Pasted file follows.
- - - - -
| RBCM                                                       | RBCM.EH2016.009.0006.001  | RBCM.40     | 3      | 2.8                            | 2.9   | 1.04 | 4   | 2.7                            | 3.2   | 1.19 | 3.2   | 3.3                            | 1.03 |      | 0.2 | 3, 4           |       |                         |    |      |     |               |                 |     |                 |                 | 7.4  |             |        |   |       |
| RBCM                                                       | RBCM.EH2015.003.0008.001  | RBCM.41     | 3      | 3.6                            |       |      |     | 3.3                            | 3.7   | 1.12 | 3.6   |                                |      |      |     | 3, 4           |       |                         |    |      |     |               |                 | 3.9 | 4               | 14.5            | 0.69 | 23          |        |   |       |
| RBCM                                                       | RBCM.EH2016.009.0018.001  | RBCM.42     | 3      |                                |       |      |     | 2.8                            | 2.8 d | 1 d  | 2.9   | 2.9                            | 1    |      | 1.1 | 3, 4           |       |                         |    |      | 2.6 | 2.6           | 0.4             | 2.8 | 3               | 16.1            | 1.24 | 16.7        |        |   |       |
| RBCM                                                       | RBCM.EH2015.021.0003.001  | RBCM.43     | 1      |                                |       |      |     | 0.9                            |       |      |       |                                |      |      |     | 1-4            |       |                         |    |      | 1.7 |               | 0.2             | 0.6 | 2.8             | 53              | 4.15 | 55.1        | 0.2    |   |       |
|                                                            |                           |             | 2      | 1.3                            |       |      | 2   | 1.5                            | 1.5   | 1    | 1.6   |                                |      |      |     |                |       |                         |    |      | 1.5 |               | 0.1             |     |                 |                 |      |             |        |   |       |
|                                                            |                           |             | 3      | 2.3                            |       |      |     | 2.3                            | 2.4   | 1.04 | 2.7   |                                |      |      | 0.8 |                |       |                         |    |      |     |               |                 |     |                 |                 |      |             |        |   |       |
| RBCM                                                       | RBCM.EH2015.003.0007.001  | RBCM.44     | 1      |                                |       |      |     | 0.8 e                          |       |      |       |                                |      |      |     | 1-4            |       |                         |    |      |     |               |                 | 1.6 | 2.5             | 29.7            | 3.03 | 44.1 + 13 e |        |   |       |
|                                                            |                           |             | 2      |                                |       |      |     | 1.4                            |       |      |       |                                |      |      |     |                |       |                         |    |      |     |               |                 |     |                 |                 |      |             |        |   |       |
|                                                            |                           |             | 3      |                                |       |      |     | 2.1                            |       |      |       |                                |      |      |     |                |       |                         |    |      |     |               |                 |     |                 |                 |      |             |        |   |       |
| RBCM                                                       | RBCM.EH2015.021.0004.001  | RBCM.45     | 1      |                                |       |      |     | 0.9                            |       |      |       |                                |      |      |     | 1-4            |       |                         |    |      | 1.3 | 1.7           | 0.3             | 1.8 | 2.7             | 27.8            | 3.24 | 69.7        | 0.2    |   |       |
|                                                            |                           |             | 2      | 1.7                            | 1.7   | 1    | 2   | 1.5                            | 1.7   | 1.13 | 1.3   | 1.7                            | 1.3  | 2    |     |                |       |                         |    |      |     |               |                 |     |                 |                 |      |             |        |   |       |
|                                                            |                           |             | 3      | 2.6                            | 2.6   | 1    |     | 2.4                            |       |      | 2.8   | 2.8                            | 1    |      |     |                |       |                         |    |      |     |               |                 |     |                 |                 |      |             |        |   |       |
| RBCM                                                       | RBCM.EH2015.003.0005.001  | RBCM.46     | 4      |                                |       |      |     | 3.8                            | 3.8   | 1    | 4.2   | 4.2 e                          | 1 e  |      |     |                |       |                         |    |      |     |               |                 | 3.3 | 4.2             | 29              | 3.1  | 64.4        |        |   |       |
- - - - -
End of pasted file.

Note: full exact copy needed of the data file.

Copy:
| RBCM                                                       | RBCM.EH2016.009.0006.001  | RBCM.40     | 3      | 2.8                            | 2.9   | 1.04 | 4   | 2.7                            | 3.2   | 1.19 | 3.2   | 3.3                            | 1.03 |      | 0.2 | 3, 4           |       |                         |    |      |     |               |                 |     |                 |                 | 7.4  |             |        |   |       |
| RBCM                                                       | RBCM.EH2015.003.0008.001  | RBCM.41     | 3      | 3.6                            |       |      |     | 3.3                            | 3.7   | 1.12 | 3.6   |                                |      |      |     | 3, 4           |       |                         |    |      |     |               |                 | 3.9 | 4               | 14.5            | 0.69 | 23          |        |   |       |
| RBCM                                                       | RBCM.EH2016.009.0018.001  | RBCM.42     | 3      |                                |       |      |     | 2.8                            | 2.8 d | 1 d  | 2.9   | 2.9                            | 1    |      | 1.1 | 3, 4           |       |                         |    |      | 2.6 | 2.6           | 0.4             | 2.8 | 3               | 16.1            | 1.24 | 16.7        |        |   |       |
| RBCM                                                       | RBCM.EH2015.021.0003.001  | RBCM.43     | 1      |                                |       |      |     | 0.9                            |       |      |       |                                |      |      |     | 1-4            |       |                         |    |      | 1.7 |               | 0.2             | 0.6 | 2.8             | 53              | 4.15 | 55.1        | 0.2    |   |       |
|                                                            |                           |             | 2      | 1.3                            |       |      | 2   | 1.5                            | 1.5   | 1    | 1.6   |                                |      |      |     |                |       |                         |    |      | 1.5 |               | 0.1             |     |                 |                 |      |             |        |   |       |
|                                                            |                           |             | 3      | 2.3                            |       |      |     | 2.3                            | 2.4   | 1.04 | 2.7   |                                |      |      | 0.8 |                |       |                         |    |      |     |               |                 |     |                 |                 |      |             |        |   |       |
| RBCM                                                       | RBCM.EH2015.003.0007.001  | RBCM.44     | 1      |                                |       |      |     | 0.8 e                          |       |      |       |                                |      |      |     | 1-4            |       |                         |    |      |     |               |                 | 1.6 | 2.5             | 29.7            | 3.03 | 44.1 + 13 e |        |   |       |
|                                                            |                           |             | 2      |                                |       |      |     | 1.4                            |       |      |       |                                |      |      |     |                |       |                         |    |      |     |               |                 |     |                 |                 |      |             |        |   |       |
|                                                            |                           |             | 3      |                                |       |      |     | 2.1                            |       |      |       |                                |      |      |     |                |       |                         |    |      |     |               |                 |     |                 |                 |      |             |        |   |       |
| RBCM                                                       | RBCM.EH2015.021.0004.001  | RBCM.45     | 1      |                                |       |      |     | 0.9                            |       |      |       |                                |      |      |     | 1-4            |       |                         |    |      | 1.3 | 1.7           | 0.3             | 1.8 | 2.7             | 27.8            | 3.24 | 69.7        | 0.2    |   |       |
|                                                            |                           |             | 2      | 1.7                            | 1.7   | 1    | 2   | 1.5                            | 1.7   | 1.13 | 1.3   | 1.7                            | 1.3  | 2    |     |                |       |                         |    |      |     |               |                 |     |                 |                 |      |             |        |   |       |
|                                                            |                           |             | 3      | 2.6                            | 2.6   | 1    |     | 2.4                            |       |      | 2.8   | 2.8                            | 1    |      |     |                |       |                         |    |      |     |               |                 |     |                 |                 |      |             |        |   |       |
| RBCM                                                       | RBCM.EH2015.003.0005.001  | RBCM.46     | 4      |                                |       |      |     | 3.8                            | 3.8   | 1    | 4.2   | 4.2 e                          | 1 e  |      |     |                |       |                         |    |      |     |               |                 | 3.3 | 4.2             | 29              | 3.1  | 64.4        |        |   |       |